It is not unusual to have a client show up and say they got a notice that their rates went up after a collision. Clearly they had no fault in the collision, so they want to know "why did my rates go up". Of great concern is that they have usually gone to their agent and been told that they went up because they made a claim. In other cases, they have a cut rate, out of state insurance company that they found on the internet.
Well the Minnesota law is clear. The increase is a violation of Minn. Stat. §65B.17 Subd. 2(b), Minn. Rule 2770.7700 Subd.. 2 and Minn. Rule 2770.7900 Subd.. 5. unless the claim is a “chargeable accident” as defined in the Rules, Minn. Rule 2770.7900, and specifically Subd.. 5 & 7, the claim cannot be assigned points for purposes of underwriting decisions.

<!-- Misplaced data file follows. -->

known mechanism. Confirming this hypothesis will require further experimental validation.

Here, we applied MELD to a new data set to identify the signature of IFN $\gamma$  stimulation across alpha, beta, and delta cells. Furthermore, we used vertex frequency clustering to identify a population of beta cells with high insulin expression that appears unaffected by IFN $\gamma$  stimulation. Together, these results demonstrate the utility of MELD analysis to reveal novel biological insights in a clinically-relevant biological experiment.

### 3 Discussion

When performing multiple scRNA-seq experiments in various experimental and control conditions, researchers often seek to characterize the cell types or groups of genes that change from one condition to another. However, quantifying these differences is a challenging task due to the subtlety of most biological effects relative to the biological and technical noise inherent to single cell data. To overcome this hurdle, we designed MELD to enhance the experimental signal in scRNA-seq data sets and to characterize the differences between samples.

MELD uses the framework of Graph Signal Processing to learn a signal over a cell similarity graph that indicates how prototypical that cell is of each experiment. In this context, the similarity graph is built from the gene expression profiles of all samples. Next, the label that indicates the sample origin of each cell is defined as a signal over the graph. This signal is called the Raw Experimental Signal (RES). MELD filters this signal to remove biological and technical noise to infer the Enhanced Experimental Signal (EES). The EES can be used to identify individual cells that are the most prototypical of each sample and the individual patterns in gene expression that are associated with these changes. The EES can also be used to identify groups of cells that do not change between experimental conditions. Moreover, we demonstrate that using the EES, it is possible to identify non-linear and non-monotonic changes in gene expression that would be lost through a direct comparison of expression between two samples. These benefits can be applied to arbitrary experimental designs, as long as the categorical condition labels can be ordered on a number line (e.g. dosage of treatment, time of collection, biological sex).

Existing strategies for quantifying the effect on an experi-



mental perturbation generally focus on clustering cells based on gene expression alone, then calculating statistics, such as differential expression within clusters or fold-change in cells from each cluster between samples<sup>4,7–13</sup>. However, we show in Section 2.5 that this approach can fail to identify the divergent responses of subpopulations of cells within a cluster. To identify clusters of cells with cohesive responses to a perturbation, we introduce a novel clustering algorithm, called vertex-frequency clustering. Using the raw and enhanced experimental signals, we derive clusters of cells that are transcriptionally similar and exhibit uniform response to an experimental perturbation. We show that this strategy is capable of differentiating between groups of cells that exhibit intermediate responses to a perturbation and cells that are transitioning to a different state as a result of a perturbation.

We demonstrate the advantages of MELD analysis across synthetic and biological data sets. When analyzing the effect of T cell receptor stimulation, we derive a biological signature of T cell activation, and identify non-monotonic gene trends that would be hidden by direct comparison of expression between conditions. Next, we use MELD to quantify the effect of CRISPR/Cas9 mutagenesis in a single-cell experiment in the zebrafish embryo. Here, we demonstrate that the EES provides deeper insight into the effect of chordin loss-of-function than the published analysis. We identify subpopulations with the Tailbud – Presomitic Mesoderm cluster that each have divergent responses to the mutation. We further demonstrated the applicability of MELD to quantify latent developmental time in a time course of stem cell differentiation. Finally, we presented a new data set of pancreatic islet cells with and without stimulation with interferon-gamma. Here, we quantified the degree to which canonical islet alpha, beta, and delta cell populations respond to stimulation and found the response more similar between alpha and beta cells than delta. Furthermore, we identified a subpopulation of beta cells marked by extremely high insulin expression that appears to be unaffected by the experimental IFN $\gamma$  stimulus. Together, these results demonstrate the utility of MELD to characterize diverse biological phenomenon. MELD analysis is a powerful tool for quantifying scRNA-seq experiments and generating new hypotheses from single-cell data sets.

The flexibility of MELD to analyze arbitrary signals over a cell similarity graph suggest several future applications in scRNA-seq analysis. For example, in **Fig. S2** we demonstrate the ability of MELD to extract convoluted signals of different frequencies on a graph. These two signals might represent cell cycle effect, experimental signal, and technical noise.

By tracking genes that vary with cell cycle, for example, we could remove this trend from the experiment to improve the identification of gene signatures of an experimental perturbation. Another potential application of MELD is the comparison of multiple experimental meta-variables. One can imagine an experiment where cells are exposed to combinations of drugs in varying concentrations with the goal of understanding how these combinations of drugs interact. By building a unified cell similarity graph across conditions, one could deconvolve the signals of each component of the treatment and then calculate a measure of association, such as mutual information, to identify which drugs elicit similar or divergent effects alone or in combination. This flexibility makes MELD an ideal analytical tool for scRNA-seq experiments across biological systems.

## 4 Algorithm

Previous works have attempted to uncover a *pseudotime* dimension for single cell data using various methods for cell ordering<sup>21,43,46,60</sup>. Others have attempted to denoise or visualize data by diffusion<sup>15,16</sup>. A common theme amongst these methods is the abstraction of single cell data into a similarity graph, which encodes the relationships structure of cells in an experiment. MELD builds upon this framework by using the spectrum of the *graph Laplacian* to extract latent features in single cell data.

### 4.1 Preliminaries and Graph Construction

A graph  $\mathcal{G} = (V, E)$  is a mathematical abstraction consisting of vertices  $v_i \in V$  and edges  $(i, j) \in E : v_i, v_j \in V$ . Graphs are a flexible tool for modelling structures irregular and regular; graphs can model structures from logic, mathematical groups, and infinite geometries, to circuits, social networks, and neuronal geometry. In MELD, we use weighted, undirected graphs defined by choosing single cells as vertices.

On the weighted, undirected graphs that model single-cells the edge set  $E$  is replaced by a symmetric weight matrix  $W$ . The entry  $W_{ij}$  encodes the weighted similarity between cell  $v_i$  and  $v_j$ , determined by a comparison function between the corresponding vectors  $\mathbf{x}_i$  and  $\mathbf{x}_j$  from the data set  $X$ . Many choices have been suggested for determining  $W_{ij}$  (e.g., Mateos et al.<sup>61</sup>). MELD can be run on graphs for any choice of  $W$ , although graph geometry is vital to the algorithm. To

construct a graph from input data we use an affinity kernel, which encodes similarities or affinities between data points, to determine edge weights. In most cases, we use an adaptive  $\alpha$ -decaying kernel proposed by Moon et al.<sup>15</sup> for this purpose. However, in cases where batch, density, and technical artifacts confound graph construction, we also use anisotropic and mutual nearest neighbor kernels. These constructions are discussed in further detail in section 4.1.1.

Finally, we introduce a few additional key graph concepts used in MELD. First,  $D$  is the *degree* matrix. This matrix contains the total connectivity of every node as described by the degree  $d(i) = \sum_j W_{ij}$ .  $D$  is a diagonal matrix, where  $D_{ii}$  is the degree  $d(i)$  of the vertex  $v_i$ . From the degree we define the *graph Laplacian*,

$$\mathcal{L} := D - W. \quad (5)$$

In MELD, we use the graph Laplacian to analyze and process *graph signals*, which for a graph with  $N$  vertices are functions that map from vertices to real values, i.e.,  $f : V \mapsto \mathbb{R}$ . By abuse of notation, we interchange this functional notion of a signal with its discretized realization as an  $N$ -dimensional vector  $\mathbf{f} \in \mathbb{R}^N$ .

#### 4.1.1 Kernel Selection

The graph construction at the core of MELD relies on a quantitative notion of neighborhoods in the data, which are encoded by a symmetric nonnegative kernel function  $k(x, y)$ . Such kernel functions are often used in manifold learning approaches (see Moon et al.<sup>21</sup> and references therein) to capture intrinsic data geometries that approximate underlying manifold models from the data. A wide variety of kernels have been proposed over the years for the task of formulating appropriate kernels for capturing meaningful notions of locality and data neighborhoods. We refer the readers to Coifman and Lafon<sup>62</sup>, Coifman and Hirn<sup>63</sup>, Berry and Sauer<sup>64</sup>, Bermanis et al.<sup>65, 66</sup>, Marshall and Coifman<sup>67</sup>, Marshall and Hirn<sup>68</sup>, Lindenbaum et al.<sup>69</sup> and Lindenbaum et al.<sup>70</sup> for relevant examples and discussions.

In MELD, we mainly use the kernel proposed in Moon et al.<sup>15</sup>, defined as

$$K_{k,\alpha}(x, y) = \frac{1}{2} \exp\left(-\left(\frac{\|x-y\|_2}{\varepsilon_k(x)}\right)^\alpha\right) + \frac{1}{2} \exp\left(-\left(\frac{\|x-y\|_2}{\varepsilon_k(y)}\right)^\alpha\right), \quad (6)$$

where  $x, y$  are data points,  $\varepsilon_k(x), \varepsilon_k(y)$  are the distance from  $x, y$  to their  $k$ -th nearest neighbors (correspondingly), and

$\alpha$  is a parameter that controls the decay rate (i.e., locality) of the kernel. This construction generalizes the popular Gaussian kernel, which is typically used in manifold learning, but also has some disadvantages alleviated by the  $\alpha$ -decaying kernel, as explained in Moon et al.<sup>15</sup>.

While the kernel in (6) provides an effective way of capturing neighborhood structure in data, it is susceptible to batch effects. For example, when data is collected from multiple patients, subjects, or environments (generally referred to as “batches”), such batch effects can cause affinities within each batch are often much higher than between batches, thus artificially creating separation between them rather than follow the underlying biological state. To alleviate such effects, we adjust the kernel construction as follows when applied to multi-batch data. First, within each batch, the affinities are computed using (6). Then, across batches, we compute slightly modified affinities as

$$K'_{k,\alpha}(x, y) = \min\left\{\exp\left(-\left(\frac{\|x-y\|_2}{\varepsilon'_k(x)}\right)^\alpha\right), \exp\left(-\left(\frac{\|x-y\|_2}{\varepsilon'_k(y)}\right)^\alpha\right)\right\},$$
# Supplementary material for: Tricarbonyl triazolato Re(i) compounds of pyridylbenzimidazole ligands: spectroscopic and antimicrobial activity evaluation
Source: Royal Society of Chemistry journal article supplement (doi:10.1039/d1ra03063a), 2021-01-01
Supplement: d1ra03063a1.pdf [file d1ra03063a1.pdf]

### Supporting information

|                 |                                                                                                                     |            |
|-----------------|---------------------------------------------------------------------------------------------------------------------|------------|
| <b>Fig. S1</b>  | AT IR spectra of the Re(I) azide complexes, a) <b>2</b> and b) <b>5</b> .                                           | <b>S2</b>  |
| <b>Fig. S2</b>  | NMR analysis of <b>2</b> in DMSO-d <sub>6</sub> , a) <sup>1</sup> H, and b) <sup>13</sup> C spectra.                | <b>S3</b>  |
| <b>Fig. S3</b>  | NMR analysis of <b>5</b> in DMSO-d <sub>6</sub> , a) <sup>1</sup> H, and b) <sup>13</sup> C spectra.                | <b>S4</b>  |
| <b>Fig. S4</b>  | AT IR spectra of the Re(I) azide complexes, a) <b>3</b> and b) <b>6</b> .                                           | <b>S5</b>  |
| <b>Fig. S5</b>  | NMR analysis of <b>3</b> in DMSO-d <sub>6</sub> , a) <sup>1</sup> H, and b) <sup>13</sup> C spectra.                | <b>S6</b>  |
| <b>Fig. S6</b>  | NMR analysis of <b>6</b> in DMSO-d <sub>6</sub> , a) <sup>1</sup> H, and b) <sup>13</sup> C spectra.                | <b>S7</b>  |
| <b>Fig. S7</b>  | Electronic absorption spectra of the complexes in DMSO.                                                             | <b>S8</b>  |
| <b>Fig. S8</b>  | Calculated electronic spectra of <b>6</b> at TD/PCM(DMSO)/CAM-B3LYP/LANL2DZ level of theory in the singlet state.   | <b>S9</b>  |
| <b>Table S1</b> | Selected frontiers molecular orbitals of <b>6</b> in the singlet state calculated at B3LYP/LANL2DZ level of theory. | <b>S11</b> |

So the agent is wrong and the out of state cheap internet coverage is acting wrongfully under the law of Minnesota.
Now anytime rates go up, there are other things that need to be looked at:
- Did the claim result in the company finding out about other residents of the household who weren't there, or who weren't disclosed, when the policy was taken out?
- Did the claim prompt the company to check driving records to see 2 prior speeding tickets they weren't aware of?
- Did someone in the house buy a vehicle and not insure it, or insure it with another carrier?
So if this happens, I advise that you get in writing why your rates went up. If they say it's because you made the claim and you aren't at fault, you can write a letter explaining how the law prevents this increase or you can make a complaint to the insurance commissioner.
A founding partner with Bradshaw & Bryant, Mike Bryant has always fought to find justice for his clients—knowing that legal troubles, both personal injury and criminal, can be devastating for a family. Voted a Top 40 Personal Injury "Super Lawyer" multiple years, Mr. Bryant has also been voted one of the Top 100 Minnesota "Super Lawyers" four times.